and our environment is totally fucked up, and either way the huge companies are creating<br />

way more waste then I do, so it doesn’t even matter, I won’t recycle.<br />

But if I believe in a future where the people have forced governments and companies<br />

to change their regulations and the planet and species’ are regenerating, plus I know<br />

everybody else is recycling too, I almost have to recycle. Even just morally. Therefore we<br />

have to believe in the future again. Nobody I have ever met wants to bomb or kill anyone<br />

else, nobody wanted the planet to be polluted and species to go extinct or even humans<br />

to go instinct either. I don’t know if you as the reader agree but this is for most part of<br />

humanity at least those people who have the luxury to live in peace. Why can’t we imagine<br />

a future in peace, powered by renewable energies, working on human survival<br />

on this planet and the growth of empathy and balance through having faith.<br />

Us, as artists, communicators, but also everybody else has have the chance to rebuild this<br />

future. Have faith, create faith, dream about the future. In the end the future only exists<br />

in the way we speak about it. It never really starts, neither tonight, nor tomorrow, nor in a<br />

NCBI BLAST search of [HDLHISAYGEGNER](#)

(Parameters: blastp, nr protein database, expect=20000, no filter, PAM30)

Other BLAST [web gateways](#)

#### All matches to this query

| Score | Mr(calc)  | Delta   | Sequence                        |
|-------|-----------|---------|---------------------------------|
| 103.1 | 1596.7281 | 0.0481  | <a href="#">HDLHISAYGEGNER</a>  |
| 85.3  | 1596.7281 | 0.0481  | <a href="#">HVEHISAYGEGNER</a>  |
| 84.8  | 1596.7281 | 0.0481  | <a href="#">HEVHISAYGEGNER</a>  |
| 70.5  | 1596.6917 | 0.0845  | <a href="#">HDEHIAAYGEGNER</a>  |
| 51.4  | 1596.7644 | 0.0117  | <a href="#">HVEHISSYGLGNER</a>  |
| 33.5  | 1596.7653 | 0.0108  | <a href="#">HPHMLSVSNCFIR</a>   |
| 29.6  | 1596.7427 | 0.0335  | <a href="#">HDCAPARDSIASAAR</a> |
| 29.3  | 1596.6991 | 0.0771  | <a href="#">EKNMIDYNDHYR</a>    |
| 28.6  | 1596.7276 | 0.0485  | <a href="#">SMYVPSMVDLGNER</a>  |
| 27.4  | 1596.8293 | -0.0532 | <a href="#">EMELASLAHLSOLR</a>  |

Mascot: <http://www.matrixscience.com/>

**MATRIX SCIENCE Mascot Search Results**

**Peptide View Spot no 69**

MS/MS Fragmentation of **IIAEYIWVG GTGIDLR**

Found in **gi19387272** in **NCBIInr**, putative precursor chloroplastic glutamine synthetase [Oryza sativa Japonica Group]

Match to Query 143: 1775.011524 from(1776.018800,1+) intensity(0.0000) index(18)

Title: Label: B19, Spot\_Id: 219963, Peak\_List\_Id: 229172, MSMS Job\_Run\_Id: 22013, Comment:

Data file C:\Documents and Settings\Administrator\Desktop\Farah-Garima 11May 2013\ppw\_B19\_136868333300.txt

year. We can only imagine it by the way we think about it or how it is been portayed to us.<br />

Only if we have faith in the future, we can act positively and be happy today.<br />

Louis: louisschreyer.com, @bitchesandturtles

<strong>21st</strong> <strong>Faith</strong>: Tell us about you and your<br />

practice<br />

Louis: Louis Schreyer is a german born<br />

artist/designer based in London, doing<br />

a MA in Informa- tion Experience Design<br />

at the Royal College of Art. Working in<br />

a range of media, he makes use of analog<br />

photography and videography, while<br />

exploring new ways of working with<br />

interactive sculptures, digital realities<br />

and emotions as well as experiences<br />

in art. His work is socially critical<br />

and often political, as he looks at social<br />

behavior, the interaction of humans and<br />

machines, as well as language. He is<br />

interested in Surveillance, and different<br />

means of control in popular culture.<br />

He has exhibited in several exhibitions<br />

in London, Berlin as well Jerusalem<br />

in which he mainly presented photography,<br />

sculptures and installation works.<br />